A Coastal Retreat in Sweden Feels Light as a Cloud Inside

A Coastal Retreat in Sweden Feels Light as a Cloud Inside

By Jessica Dailey / Photos by Markus Linderoth
Delicately placed on the sandy shores of the Baltic Sea, Sommarhus H provides sanctuary among sea grasses and birch trees.

The first thing you notice about Sommarhus H, designed by architect Johan Sundberg on the very southern coast of Sweden, is that it has been gently placed on the landscape, cradled by the beach and surrounding birch trees.

That’s typical of Sundberg’s work—"first and foremost, it’s always about the relationship to the site," he says—but here, he wanted a structure that would "subordinate itself" to the trees and dunes, and put the idyllic natural surroundings at center stage.

Swedish architect Johan Sundberg designed this three-bedroom home in the southern Skåne region for a family of four. The parents grew up in the area, but they now live in Boston. 

Sundberg designed the home as a simple box so it would "subordinate itself" to the sandy landscape of birch trees and sea grasses.

Located on the Baltic Sea in the Skåne region, the landscape is sandy, soft, and grassy, with no rock. This particular site has dunes and the sea to the south, farmland and patches of forest to the north, and a nature preserve to the east. There are sea grasses, birch and oak trees, firs and pines, wild rose and berry bushes.

Siberian larch is the primary facade material. It's finished with a silicon-based protective treatment to allow the wood to weather more evenly.

Sundberg kept the shape of the home—designed as a summer getaway for a Swedish family of four that lives in Boston—uncomplicated, creating a clean 138-square-meter (approximately 1,485-square-foot) rectangle that holds three bedrooms, two bathrooms, a sauna, and an open kitchen and living room.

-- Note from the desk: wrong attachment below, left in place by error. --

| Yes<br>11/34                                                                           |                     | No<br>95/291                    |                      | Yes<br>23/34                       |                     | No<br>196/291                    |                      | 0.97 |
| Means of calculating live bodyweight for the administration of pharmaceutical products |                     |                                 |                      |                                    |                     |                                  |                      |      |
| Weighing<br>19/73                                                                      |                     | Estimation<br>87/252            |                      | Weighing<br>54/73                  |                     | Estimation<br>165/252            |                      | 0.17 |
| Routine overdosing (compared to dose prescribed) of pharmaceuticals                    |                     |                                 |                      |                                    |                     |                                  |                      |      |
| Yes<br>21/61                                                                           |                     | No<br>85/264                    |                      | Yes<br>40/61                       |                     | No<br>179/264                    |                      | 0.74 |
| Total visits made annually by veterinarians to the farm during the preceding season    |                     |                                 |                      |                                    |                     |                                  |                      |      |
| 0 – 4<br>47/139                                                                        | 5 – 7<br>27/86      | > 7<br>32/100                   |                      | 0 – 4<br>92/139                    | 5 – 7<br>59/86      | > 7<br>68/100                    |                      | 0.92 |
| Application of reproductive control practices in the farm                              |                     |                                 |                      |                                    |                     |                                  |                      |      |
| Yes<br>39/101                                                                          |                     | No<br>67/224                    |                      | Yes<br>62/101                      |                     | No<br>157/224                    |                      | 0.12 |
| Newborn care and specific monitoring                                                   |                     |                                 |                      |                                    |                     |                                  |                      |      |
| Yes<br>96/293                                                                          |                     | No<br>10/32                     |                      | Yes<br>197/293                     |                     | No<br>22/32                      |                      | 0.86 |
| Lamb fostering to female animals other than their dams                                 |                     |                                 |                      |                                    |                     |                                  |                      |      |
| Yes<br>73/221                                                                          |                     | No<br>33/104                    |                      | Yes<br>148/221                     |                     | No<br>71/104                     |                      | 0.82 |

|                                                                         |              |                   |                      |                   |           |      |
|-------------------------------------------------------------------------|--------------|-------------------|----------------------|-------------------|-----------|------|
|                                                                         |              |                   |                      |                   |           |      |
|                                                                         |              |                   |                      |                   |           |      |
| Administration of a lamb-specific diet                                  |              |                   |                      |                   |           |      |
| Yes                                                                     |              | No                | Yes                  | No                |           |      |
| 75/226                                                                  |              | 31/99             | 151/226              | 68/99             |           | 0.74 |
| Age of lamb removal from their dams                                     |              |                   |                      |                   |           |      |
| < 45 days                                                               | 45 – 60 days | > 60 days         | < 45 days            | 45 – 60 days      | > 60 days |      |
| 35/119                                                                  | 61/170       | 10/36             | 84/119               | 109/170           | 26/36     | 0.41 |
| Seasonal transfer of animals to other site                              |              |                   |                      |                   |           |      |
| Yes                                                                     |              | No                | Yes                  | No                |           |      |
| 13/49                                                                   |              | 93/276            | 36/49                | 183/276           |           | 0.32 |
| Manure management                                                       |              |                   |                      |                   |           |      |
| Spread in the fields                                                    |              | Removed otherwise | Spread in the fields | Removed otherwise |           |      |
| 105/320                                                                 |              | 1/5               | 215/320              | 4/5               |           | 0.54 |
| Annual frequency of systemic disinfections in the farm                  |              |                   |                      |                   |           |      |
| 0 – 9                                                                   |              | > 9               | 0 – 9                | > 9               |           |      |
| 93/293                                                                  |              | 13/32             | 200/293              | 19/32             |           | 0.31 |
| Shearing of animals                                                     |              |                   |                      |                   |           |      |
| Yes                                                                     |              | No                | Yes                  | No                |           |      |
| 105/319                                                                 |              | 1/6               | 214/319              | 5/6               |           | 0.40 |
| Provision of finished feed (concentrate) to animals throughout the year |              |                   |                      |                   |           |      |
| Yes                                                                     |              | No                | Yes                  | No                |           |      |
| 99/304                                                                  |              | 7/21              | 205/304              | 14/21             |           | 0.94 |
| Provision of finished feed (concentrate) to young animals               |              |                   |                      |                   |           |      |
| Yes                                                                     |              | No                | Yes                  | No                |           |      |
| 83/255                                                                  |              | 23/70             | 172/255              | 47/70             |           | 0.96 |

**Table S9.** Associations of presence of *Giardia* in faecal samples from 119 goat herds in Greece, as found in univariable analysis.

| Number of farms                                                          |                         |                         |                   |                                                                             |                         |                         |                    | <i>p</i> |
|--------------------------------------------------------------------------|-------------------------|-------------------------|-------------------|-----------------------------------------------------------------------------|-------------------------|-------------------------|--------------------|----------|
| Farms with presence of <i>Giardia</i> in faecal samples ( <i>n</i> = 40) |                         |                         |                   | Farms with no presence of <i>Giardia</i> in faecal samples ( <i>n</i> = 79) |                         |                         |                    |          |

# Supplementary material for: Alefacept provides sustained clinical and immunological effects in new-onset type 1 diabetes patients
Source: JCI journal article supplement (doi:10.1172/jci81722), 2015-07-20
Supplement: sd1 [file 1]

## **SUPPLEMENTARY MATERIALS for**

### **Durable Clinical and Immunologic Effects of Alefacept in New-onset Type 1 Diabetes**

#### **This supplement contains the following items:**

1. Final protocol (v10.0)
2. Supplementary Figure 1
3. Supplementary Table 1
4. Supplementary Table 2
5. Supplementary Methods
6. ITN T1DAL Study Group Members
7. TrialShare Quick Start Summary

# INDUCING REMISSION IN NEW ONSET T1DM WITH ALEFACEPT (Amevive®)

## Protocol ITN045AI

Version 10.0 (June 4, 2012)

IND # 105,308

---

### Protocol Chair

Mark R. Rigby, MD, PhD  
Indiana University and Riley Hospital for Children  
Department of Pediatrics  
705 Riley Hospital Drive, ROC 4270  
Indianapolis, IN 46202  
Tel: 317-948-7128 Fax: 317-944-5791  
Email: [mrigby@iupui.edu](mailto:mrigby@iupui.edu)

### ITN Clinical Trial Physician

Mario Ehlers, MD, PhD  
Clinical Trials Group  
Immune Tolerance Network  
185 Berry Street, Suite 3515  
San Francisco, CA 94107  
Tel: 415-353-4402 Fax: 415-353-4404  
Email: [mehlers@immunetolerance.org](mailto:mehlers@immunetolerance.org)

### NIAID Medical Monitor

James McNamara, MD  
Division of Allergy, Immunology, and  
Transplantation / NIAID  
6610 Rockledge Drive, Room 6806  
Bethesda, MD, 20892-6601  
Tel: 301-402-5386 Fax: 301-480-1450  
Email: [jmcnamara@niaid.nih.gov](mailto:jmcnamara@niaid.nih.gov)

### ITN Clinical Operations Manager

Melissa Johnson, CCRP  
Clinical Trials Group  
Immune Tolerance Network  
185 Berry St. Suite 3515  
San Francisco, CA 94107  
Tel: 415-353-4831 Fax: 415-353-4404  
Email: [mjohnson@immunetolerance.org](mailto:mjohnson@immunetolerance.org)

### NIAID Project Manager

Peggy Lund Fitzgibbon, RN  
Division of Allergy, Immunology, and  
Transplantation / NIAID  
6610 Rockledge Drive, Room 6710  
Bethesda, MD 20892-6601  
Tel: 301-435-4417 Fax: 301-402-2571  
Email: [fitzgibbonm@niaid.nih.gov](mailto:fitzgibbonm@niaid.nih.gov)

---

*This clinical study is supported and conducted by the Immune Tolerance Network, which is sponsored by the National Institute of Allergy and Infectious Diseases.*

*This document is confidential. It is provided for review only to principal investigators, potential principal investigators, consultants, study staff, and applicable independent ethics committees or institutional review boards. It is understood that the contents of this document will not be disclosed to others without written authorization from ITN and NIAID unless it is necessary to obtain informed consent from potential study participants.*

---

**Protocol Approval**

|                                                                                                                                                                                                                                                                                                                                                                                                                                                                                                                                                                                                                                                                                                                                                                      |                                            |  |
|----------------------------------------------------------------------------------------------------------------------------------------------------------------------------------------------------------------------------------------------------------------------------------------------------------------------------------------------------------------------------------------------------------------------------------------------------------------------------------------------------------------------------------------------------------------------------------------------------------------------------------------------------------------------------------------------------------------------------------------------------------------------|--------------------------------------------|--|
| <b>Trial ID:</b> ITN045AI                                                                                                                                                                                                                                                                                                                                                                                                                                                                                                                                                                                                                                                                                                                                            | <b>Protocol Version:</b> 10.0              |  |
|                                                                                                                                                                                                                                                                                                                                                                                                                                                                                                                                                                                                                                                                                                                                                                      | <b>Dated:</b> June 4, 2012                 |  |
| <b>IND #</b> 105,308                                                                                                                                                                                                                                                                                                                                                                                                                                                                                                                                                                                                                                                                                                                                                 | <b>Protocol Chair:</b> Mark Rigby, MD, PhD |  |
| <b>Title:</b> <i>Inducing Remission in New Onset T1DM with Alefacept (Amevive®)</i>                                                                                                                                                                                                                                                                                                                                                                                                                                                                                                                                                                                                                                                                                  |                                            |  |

"There is something humble about trying to create a simple shape like a box that contains an intricate inside and has an openness towards the sea, different faces for the different landscapes that it relates to," says Sundberg.

The sea-facing side has a large covered deck. Thin slats of larch on this facade create a slimmer profile that contrasts the large floor-to-ceiling windows.

He likes to think of the home as a jewelry box. "Those kinds of chests often look relatively simple from the outside, but when you open them, there are these snug containers, often in wood finishes, and can be quite elaborate without outshining the actual jewelry they're designed to carry," he explains.

The front and sides of the home feature a wide board-and-batten larch cladding to add depth and allow for a variation of shadows throughout the day. 

But while the shape is simple, the facade is quite layered, with each face having a different feel. Siberian larch, chosen for its high quality and sustainability, wraps the home, but is used in different ways to create texture and respond to the environment. "The wood is working with a gradient," says Sundberg.

Sundberg used materials, which include concrete and zinc in addition to larch, that were as close to their natural and untreated form as possible. "It is the right thing to do here," he says. "We don't want our design to pretend to be something it is not."

On the north, it’s implemented in a broad board-and-batten style paneling that allows for interesting shadows as the sun moves. On the south, sea-facing side, slimmer slats of larch are used on the deck, walls, and ceiling of voids that contain floor-to-ceiling windows or doors.